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Australian philosopher, literary critic, legal scholar, and professional writer. Based in Newcastle, NSW. Author of FREEDOM OF RELIGION AND THE SECULAR STATE (2012), HUMANITY ENHANCED (2014), and THE MYSTERY OF MORAL AUTHORITY (2016).

Friday, March 27, 2009

Stephen Conroy has got to go

I've just watched Stephen Conroy's fatuous, giggling performance on the TV show Q & A, in which he essentially refused to take seriously the fact that he is planning legislation that will endanger our most fundamental right - the right to freedom of speech. We must never let an Australian government gain control of the internet and start blocking sites. Conroy argues that there is no current intention to block political sites, but that is not the point.

Let's leave aside the bizarre stories about Russian gangsters taking over the sites of innocent dentists who then get blacklisted by the government. That was sure a great yarn, but, um, minister, if the government knew what had happened, why didn't it at least think to tell the dentist ... rather than just secretly blacklisting his site? Leave aside, too, that at least one PG-rated site was discovered to be on the blacklist. Forget that none of this would have been known if Wikileaks had not leaked the list, and that the PG-rated site would still be blacklisted for its innocuous Bill Henson nudes. Leave aside the fact that many of the blacklisted sites apparently have nothing to do with child pornography. All this is important and rather sinister, but that's not the main point either.

Let's get it clear: this government, which I voted for, as you probably did, too, if you are Australian, is attempting to use technological means to obtain a power that no government should ever have. Once the mechanism is in place, nothing stops it from blocking whatever sorts of material may be attacked in the future by populist opinion.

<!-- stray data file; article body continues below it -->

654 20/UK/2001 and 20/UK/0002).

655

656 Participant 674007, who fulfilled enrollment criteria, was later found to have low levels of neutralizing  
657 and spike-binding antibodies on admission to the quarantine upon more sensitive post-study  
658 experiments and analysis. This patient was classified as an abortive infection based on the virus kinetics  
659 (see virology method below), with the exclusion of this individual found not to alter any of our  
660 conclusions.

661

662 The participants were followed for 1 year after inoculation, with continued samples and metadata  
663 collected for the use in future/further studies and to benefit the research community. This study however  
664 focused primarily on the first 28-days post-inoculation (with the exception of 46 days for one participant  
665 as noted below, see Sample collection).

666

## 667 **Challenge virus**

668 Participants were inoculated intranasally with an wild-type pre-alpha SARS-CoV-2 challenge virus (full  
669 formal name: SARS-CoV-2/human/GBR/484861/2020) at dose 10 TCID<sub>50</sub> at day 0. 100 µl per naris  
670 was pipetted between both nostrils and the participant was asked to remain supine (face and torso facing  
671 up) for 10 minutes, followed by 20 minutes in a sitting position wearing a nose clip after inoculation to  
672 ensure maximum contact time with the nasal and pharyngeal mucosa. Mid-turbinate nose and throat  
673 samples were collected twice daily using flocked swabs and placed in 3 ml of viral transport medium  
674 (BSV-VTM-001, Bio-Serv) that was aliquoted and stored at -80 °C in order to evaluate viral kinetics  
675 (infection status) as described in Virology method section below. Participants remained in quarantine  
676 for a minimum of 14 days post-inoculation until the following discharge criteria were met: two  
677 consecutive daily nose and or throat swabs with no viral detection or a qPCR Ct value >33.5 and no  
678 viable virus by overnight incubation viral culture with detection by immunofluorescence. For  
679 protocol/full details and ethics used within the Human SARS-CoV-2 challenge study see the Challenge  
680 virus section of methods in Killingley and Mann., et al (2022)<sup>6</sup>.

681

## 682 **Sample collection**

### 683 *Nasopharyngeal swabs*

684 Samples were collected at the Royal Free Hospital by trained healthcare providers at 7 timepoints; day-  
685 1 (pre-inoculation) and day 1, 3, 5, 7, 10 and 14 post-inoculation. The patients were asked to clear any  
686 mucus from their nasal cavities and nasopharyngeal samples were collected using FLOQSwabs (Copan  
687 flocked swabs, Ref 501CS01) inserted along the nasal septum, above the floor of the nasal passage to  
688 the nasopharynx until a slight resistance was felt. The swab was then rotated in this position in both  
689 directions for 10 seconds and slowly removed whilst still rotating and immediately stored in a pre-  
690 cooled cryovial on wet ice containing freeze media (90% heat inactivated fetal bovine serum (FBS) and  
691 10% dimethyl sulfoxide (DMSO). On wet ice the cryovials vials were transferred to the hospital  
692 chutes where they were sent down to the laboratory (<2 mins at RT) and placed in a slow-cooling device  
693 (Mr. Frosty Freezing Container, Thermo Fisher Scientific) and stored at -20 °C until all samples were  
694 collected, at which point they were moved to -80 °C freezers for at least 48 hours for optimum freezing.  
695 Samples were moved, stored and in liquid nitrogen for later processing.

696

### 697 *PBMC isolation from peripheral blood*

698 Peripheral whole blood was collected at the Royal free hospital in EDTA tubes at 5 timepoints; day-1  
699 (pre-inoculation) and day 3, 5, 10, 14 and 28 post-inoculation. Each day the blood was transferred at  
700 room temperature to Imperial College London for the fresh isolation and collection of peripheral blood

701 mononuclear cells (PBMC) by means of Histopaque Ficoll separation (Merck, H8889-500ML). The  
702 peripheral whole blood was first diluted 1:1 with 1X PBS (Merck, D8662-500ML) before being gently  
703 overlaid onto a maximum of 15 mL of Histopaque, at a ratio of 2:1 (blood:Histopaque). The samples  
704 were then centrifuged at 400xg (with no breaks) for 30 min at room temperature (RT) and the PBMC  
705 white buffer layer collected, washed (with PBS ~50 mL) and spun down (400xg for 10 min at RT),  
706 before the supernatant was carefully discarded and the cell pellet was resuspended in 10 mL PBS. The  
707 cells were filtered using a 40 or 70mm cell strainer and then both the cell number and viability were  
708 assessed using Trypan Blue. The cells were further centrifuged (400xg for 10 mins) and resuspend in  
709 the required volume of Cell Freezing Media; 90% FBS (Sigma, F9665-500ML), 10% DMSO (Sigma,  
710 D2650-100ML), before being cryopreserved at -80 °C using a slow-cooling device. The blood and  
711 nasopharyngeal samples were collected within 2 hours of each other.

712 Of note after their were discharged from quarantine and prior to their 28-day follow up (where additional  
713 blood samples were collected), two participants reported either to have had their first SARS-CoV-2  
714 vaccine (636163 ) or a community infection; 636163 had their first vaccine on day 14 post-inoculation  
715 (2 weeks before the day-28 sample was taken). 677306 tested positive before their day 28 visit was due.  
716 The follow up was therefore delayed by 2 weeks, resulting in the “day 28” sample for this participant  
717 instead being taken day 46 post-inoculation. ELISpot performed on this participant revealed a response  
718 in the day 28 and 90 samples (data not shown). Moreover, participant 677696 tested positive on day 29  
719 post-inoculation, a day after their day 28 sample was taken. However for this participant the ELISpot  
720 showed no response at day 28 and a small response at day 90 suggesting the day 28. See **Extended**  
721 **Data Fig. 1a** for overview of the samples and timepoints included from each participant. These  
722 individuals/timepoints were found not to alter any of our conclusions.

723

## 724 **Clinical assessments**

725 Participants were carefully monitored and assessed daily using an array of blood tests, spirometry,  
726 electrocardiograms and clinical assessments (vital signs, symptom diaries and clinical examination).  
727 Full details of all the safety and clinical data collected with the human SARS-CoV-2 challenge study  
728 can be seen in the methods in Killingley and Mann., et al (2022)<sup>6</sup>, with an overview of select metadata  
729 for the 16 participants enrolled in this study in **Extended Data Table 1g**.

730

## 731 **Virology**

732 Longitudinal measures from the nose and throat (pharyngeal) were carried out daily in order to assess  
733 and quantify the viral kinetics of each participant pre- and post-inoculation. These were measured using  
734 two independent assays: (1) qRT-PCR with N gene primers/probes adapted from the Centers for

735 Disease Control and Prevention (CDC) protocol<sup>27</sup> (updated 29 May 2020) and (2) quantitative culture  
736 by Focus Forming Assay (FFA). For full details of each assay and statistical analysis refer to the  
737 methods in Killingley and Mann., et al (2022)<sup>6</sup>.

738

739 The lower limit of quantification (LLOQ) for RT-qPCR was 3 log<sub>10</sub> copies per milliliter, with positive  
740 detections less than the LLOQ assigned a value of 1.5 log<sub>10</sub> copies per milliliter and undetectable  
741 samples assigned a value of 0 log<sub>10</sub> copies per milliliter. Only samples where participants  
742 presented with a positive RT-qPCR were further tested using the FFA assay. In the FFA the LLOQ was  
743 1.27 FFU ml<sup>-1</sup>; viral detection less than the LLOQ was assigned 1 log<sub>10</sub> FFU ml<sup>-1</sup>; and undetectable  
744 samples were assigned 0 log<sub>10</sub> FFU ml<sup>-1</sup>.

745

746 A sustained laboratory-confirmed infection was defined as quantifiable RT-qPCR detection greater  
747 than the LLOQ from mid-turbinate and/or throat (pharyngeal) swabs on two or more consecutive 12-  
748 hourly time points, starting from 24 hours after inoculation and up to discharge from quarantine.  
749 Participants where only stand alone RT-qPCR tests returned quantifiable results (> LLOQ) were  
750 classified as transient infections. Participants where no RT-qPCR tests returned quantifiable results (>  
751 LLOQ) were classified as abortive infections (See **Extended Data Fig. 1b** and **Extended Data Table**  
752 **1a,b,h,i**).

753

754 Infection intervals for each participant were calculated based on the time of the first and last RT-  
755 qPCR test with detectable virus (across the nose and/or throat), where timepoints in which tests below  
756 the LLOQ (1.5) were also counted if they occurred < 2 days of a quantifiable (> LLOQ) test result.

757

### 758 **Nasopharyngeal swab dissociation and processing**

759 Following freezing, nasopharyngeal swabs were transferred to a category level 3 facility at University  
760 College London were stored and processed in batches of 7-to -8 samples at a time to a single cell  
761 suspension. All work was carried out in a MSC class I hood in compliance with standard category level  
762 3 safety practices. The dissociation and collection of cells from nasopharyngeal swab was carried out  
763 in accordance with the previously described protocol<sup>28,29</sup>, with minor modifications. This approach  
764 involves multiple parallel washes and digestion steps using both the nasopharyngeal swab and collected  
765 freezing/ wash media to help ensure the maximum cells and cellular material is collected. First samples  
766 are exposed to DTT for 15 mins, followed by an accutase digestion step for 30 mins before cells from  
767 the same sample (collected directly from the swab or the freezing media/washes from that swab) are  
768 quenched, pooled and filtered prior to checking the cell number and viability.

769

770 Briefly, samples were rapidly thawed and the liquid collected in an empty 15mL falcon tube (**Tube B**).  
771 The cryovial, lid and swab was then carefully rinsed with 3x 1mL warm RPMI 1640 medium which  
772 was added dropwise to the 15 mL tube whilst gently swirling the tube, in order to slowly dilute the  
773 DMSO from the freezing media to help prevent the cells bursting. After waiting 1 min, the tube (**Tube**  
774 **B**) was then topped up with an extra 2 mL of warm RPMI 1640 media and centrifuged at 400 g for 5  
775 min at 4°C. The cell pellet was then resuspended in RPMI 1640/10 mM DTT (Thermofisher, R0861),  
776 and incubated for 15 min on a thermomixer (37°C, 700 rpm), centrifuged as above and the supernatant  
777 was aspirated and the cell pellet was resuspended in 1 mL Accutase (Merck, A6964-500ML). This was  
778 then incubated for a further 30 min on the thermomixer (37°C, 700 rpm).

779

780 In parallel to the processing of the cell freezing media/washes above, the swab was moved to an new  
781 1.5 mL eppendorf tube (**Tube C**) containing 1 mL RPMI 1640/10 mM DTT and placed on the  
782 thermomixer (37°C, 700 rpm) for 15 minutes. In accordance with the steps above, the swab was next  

I'm sick to death of this communications minister; Conroy is a disgrace to the honourable tradition of the Left in Australia. It comes down to this: sack Conroy. Nothing less will do. Start again with a new communications minister.

Conroy has got to go.


Emlyn said...

I don't understand what is driving this particularly onerous censorship drive. Is it Conroy alone? Or is there widespread support throughout the government?

I voted for these guys, but not for them to do this.

Emlyn said...

btw, you can watch the Q&A episode that Russell is referring to here:


Dirk said...

There is an informative episode of Background Briefing (Radio National) on this bit of policy. I reckon it is Right-wing-Rudd's posturing to the Values Voters.

Russell: you should not assume that all your audience are happy ALP voters. Since the unprincipled (and incompetent) preference deal that elected Fielding, we Greens have had to hold our noses in order to even direct preferences to this mob. Pathetic. Truly pathetic.

Russell Blackford said...

Good point, Dirk. The way things are going, I might have to join the Greens myself, or at least start voting for them. Their general political position doesn't really match mine - I'm more a Hawke/Keating kind of guy - but increasingly they are the party that comes closest.

Emlyn said...

I just watched that Q&A episode, and found it illuminating.

I think Steven Conroy believes in what he is doing, and not for weird right wing / religious reasons. If you listen carefully to what he says, you'll notice that he is starting with different axioms than most of the rest of us are.

He was defending the filtering trials as just being the same as what we have for books, movies, etc, and pointed out that this blacklist is a pre-existing thing, part of our regular censorship process (previously unenforced/unenforceable).